I will stress here that this is my interpretation of this record. I have no idea how close it is to what Bowie had in mind. I will add storyline to some songs that clearly isn’t there in the lyrics, but makes sense, based on the timeline and what I think the story is. I would dearly love to hear what you think.

Side 1, Track 1. “Five Years.”

In “Five Years,” we learn of a corrupt and intolerant world. A cop kisses the feet of a priest. A woman beats some children nearly to death. The main point of the song is that a  man on the television tells us that the earth has just five years to live. But live goes on: Our narrator (whom I call John, for reasons I’ll get to), sees a girl he is in love with in an ice cream parlor, and uses the news of impending doom to approach her. We’ve only got five years, after all: Let’s make the most of it.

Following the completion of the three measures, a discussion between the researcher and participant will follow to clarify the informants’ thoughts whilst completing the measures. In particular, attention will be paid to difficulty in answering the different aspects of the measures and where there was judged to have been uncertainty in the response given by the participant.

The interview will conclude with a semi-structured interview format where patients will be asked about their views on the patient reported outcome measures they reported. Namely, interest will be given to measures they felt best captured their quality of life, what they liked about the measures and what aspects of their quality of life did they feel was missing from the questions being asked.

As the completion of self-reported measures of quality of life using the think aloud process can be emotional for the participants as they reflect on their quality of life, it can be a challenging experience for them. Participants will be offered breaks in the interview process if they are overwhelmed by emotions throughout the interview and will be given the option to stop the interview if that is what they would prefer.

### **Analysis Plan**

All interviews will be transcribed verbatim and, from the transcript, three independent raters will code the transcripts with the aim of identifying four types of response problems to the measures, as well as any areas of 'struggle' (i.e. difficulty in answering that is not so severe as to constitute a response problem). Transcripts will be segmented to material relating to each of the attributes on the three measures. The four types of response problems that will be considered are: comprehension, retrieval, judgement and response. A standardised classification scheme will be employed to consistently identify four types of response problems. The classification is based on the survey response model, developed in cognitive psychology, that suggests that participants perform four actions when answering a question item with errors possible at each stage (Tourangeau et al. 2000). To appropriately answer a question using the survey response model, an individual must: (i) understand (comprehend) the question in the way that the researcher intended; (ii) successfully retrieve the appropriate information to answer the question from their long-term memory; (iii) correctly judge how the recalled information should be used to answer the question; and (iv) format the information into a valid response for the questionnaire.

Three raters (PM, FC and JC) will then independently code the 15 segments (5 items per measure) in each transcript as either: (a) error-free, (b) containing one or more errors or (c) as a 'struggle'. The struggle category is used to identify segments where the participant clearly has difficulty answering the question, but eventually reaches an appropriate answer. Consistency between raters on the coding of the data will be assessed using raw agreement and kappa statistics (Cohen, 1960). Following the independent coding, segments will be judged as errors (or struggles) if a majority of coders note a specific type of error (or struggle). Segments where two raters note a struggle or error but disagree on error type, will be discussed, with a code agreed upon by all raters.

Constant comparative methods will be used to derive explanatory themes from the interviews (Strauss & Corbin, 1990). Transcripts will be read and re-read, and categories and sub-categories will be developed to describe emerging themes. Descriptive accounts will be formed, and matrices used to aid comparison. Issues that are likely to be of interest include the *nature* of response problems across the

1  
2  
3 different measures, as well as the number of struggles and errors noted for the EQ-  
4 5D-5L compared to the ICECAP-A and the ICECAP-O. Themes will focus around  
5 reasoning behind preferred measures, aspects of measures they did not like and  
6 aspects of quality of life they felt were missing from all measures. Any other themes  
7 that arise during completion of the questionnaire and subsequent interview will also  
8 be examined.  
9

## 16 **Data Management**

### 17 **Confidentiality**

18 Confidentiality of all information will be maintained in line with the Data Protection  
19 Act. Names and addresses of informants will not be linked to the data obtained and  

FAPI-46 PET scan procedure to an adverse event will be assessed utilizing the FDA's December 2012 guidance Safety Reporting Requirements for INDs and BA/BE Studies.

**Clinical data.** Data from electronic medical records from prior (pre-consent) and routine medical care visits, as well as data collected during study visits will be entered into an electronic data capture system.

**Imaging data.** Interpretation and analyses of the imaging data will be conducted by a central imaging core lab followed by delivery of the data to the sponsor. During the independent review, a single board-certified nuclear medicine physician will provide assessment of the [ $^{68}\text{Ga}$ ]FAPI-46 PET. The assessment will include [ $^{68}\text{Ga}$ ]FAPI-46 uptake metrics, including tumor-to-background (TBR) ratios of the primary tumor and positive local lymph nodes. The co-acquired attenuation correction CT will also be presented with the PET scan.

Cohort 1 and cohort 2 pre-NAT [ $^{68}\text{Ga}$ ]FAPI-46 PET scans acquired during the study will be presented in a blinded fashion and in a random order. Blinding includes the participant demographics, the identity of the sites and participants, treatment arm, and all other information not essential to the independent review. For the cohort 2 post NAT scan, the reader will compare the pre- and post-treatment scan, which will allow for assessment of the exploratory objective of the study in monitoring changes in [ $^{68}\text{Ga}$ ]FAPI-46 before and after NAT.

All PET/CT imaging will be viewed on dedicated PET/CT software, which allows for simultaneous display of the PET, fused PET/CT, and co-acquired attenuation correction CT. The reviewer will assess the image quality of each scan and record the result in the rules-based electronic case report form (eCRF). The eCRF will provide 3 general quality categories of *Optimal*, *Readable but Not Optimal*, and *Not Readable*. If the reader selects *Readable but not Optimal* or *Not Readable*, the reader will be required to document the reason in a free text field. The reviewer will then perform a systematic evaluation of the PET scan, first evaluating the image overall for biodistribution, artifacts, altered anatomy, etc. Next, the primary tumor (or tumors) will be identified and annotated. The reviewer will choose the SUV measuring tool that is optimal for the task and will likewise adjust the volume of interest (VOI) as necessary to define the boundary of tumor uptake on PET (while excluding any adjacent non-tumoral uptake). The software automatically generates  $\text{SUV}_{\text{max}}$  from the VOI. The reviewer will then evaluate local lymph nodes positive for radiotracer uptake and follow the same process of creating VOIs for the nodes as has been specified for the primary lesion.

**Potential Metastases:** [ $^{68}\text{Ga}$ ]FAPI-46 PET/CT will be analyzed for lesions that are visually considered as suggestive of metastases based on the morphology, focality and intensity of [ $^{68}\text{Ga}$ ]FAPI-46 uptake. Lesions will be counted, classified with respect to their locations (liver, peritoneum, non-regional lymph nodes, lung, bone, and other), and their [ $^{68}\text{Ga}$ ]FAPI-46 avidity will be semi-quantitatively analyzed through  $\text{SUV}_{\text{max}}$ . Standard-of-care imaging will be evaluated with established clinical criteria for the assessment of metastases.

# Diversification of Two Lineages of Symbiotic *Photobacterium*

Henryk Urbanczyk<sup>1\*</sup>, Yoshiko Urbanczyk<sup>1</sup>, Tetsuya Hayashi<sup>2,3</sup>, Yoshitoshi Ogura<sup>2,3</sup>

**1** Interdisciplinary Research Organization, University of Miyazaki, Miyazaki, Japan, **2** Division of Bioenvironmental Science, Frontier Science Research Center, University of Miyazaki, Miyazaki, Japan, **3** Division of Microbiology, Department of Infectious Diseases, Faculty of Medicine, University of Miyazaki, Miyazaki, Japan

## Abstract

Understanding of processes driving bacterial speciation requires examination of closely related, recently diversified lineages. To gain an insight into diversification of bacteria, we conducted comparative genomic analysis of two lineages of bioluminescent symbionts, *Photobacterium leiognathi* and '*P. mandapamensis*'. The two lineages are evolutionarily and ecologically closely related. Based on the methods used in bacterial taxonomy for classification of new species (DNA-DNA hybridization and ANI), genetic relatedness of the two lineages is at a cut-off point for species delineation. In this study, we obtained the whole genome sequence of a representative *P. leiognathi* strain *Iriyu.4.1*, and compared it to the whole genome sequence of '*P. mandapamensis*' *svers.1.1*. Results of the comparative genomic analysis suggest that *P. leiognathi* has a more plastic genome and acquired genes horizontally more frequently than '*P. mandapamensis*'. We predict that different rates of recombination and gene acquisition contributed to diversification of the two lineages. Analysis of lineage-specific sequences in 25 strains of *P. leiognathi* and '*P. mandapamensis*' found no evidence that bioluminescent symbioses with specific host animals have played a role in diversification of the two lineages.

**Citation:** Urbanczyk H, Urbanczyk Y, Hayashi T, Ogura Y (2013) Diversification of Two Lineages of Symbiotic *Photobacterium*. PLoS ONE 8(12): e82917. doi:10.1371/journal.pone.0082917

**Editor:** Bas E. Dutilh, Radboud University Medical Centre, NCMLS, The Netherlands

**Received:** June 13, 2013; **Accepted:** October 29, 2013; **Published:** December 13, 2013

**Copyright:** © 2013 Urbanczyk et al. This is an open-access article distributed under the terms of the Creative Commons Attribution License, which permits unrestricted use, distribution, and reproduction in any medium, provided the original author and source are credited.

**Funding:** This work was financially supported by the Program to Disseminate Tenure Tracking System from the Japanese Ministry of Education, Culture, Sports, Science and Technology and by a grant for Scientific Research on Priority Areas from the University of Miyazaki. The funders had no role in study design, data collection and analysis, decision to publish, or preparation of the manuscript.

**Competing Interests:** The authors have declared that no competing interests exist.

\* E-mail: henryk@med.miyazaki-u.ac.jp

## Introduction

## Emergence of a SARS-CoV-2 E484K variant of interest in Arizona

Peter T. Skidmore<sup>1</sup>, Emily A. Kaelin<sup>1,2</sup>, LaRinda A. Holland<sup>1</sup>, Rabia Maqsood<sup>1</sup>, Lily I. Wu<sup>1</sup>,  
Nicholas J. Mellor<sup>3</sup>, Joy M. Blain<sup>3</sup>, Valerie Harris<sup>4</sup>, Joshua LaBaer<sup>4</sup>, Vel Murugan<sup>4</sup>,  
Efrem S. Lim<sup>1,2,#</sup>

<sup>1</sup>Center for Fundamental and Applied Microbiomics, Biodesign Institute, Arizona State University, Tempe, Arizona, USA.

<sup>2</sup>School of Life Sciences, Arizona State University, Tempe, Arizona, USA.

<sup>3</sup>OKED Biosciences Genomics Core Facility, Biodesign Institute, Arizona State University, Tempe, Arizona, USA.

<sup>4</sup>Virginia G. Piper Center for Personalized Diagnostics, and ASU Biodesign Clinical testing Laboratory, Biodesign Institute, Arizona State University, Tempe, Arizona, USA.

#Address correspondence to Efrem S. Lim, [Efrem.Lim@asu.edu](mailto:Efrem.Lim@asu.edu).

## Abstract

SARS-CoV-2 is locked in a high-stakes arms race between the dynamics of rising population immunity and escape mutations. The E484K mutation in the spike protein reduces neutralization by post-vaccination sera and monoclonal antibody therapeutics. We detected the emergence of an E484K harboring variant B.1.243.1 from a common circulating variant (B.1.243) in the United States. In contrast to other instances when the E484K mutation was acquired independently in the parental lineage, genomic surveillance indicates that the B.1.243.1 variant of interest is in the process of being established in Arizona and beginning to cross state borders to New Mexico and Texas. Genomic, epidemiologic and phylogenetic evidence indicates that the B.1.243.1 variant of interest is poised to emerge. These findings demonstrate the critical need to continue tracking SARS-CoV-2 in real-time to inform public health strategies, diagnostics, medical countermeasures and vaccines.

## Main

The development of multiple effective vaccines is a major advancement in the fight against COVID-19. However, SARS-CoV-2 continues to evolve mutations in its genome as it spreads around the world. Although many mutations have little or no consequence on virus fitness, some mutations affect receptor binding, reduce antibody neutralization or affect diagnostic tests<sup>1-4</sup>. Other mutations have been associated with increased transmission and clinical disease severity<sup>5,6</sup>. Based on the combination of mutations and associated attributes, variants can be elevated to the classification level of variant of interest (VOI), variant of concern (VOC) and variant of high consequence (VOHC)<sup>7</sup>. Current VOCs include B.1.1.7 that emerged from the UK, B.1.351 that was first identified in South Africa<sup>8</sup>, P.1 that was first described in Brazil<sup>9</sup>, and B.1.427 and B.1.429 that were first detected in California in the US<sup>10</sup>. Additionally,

Side 1, Track 2. “Soul Love.”

The song opens with John’s mother at the grave of her son, John’s brother, Tony, who was killed during the occupation of Northern Ireland, “The Troubles”. Tony was in the British Army. Elsewhere, John and his new love (who remains unnamed–let’s call her Lori) are getting to know one another. John tells Lori about the band he is trying to start with his friends Weird and Gilly, the Spiders From Mars.  So forms the relationship between John and Lori, and so begin The Spiders From Mars.

Side 1, Track 3. “Moonage Daydream.”

What is this? John, unable to sleep, thinking of Lori, is listening to pirate radio. Suddenly, the transmission is interrupted! Is…is this REALLY someone from space, broadcasting to Earth? Is that possible? And if so, what can it mean? Now really unable to sleep, he calls the only person he can, the only other person awake at this hour: His best friend, Weird.

Side 1, Track 4: “Starman.”